Six to 12 percent of Americans are without access to high-speed internet. This lack of access is not just because of availability but because of cost. When we look at income levels, only 57 percent of Americans earning less than $30,000 report having broadband internet access at home, compared to 93 percent earning $100,000 or more per year. This is the very population who will benefit the most from expanded CTC benefits.
In its August 13, 2021 press release, Treasury announced its efforts to extend the expanded CTC program to create a permanent, multilingual, and mobile-friendly sign-up tool to help more Americans who do not regularly file taxes to claim their CTC. In the meantime, Treasury and the White House announced a new, mobile-friendly, bilingual sign-up tool created by Code for America, a civic technology nonprofit, which will be available in the coming weeks, in an effort to enroll eligible families in the CTC. Having a mobile-friendly tool will be a welcome development and can’t come soon enough for families.
The IRS had a heavy lift getting the AdvCTC system up timely. As a family-based credit, the challenge in programming is that the AdvCTC touches on very personal family situations subject to change, as explained by TAS in three of our Most Serious Problems related to another refundable credit, the Earned Income Tax Credit (EITC): to improve taxpayer education in the pre-filing environment, to use the audit process to educate taxpayers and reevaluate which cases are selected for audit, and to address the role of paid preparers in EITC noncompliance.
Mostly, if the taxpayer’s 2020 and 2019 tax returns have been filed but have not yet been processed, the AdvCTC payments will be postponed until the reason for the return not being processed has been cured. If a taxpayer is under an EITC examination for the prior filed return, taxpayers may not get the AdvCTC until that examination closes. With the delays in processing of paper correspondence, those examinations are taking longer to close. While the taxpayer can claim the full amount of CTC on their 2021 tax return, this does not serve Congress’s purpose of getting money into the pockets of families who need it now.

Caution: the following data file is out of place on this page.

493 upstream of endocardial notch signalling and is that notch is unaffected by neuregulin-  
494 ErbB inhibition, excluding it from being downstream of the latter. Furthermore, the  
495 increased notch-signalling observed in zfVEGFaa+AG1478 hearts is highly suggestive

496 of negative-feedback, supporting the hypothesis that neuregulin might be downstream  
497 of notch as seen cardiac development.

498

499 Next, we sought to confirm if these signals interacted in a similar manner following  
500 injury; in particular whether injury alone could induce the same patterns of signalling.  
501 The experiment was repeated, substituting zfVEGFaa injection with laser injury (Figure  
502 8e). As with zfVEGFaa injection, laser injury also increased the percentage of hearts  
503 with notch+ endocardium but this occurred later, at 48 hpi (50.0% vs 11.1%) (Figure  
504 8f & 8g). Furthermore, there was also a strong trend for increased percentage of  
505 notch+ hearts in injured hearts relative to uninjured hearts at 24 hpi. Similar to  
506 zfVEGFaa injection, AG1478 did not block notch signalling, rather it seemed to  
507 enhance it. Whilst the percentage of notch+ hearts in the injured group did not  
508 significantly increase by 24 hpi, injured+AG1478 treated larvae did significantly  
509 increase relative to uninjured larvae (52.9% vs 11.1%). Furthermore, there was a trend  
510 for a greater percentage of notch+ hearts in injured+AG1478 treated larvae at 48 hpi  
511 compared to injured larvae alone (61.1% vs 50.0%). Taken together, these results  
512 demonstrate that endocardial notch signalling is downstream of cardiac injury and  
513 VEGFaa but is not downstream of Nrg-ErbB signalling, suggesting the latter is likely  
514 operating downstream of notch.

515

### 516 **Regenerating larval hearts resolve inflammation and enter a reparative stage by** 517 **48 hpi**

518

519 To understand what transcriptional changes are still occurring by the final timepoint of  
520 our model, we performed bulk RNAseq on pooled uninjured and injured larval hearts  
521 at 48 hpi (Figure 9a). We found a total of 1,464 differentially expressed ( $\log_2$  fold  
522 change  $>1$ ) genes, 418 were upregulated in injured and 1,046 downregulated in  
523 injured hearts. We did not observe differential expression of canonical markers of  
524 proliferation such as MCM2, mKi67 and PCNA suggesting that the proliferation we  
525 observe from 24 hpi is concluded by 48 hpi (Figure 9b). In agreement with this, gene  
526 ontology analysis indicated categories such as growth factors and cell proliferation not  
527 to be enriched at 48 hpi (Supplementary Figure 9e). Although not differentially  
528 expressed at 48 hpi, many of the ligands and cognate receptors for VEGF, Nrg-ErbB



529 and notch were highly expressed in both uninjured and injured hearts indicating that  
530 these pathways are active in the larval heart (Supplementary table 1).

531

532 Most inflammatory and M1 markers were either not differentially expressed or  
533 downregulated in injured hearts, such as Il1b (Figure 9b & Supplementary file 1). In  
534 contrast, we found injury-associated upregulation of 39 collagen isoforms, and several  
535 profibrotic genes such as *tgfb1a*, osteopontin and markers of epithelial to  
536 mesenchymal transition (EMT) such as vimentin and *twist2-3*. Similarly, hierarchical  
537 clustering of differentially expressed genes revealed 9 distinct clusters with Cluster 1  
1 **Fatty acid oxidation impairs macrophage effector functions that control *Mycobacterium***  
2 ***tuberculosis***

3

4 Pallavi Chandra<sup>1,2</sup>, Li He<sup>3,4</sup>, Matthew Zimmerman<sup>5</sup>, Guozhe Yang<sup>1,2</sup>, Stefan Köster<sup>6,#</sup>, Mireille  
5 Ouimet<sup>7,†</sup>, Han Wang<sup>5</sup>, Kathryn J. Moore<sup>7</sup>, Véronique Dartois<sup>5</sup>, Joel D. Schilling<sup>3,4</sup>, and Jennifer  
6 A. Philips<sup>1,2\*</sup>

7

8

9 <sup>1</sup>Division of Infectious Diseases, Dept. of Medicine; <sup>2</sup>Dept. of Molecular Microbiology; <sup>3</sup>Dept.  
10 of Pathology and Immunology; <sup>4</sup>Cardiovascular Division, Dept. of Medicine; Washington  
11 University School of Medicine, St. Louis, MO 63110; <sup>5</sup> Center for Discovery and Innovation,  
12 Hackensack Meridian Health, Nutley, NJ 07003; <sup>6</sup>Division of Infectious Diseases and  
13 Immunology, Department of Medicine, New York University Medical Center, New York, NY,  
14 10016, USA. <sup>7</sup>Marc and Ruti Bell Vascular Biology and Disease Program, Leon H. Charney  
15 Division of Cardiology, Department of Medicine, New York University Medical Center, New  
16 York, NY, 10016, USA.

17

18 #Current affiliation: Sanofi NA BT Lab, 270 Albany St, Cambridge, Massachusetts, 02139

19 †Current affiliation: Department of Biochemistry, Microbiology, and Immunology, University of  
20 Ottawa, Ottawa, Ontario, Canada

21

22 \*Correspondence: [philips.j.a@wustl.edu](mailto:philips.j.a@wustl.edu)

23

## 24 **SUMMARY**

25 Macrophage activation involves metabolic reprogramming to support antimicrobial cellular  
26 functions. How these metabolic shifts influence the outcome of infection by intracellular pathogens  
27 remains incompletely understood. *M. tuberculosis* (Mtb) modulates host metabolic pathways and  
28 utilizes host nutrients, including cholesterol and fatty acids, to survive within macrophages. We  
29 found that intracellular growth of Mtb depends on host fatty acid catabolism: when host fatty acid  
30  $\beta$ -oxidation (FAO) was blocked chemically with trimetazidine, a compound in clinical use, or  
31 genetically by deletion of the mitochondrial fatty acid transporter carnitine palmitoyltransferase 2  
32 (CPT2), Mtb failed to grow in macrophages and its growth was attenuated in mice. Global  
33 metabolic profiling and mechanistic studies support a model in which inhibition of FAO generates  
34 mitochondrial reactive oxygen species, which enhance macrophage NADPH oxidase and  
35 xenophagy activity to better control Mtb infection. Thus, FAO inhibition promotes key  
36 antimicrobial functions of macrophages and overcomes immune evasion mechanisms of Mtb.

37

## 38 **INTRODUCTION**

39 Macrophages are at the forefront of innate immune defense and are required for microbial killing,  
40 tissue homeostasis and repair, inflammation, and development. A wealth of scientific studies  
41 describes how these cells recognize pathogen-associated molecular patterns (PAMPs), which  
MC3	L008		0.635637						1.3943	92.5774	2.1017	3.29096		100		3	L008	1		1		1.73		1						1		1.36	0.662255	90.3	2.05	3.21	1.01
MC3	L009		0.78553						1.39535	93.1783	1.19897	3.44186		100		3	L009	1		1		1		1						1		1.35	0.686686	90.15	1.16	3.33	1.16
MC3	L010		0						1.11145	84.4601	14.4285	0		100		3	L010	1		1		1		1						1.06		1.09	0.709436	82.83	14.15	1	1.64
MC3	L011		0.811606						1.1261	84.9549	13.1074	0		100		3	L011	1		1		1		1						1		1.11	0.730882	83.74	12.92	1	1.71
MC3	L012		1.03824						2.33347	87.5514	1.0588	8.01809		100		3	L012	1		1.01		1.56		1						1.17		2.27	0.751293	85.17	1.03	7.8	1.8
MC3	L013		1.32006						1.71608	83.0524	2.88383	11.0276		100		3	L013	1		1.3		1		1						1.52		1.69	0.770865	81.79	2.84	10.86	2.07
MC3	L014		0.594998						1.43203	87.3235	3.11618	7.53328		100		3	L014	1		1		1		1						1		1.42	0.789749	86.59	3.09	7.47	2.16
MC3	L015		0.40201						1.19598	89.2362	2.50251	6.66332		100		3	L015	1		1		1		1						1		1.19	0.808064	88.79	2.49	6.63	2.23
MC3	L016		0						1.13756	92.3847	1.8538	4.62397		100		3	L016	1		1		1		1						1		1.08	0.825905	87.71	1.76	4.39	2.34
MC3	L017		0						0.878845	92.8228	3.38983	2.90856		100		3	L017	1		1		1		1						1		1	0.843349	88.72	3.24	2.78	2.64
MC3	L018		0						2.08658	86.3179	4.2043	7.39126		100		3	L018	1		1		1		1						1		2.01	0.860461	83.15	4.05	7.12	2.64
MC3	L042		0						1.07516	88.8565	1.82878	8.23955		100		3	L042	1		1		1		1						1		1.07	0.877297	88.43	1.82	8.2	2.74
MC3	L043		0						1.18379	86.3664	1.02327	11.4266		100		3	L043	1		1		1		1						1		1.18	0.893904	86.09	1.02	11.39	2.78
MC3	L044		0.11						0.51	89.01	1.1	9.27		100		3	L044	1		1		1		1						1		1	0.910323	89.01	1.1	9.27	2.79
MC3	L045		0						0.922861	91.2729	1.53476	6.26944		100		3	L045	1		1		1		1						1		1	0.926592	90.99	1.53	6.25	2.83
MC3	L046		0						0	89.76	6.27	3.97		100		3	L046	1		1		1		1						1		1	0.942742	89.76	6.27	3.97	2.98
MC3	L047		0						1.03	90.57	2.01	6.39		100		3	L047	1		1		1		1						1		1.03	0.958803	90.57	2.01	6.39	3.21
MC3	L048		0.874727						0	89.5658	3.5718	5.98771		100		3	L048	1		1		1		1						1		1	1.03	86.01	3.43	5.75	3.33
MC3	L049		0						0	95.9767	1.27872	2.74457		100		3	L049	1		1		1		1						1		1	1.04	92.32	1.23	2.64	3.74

With AdvCTC, things will be complicated if parents exchanged Form 8332 for 2020 or if they divorced after filing their 2020 return. The legislation requires the IRS to base the AdvCTC on the filing information from the 2020 tax return or 2019 if it is the most recent return. Right now, the CTC UP does not allow for changes to filing status or children being claimed. A parent expecting to claim a child for tax year 2021 whom the other parent claimed on a separate 2020 tax return will need to have the other parent remove the child in CTC UP. Changes to CTC UP anticipated for later this fall could alleviate this situation. Each parent will need to reconcile their correct amount of CTC on their 2021 return.
The legislation requires the IRS to determine the estimated AdvCTC payment based upon the taxpayer’s 2020 tax return, but if no 2020 tax return was filed or processed, it will look for a 2019 tax return. Although this legislation is not perfect, it will provide much-needed assistance to families in need; it will still require end-of-year reconciliation. Eligible individuals are expected to receive half of the amount as an advance payment of the CTC in six monthly payments and the balance, the other half of the payment, will be claimed and received with the filing their 2021 tax return.
Taxpayers who receive periodic payments will need to reconcile the amounts they received on their 2021 tax return. If the AdvCTC payments are lower than the credit they are allowed based on their 2021 information, taxpayers will receive the additional amount with the second half of the CTC payment. If taxpayers receive too much AdvCTC in 2021, they will have the credit or refund amount reduced on their 2021 return or could owe a tax liability if they were not entitled to the money payments received. There will be exceptions, and reconciliation of AdvCTC will be an important issue going forward. Some problems have already been identified with the first round of payments, including missing payments, incorrect amounts, and an inability to reach the IRS for answers. Individuals should make every effort possible to determine the correct amount of their AdvCTC reported on their 2021 tax return. Individuals will be receiving a letter in January reflecting the AdvCTC the IRS paid during 2021. Individuals will be able to check the CTC UP to verify the amount of payments received. Any inconsistencies between the taxpayer’s 2021 income tax return for CTC and the IRS records will require review and manual processing and can result in delays in processing their 2021 refunds.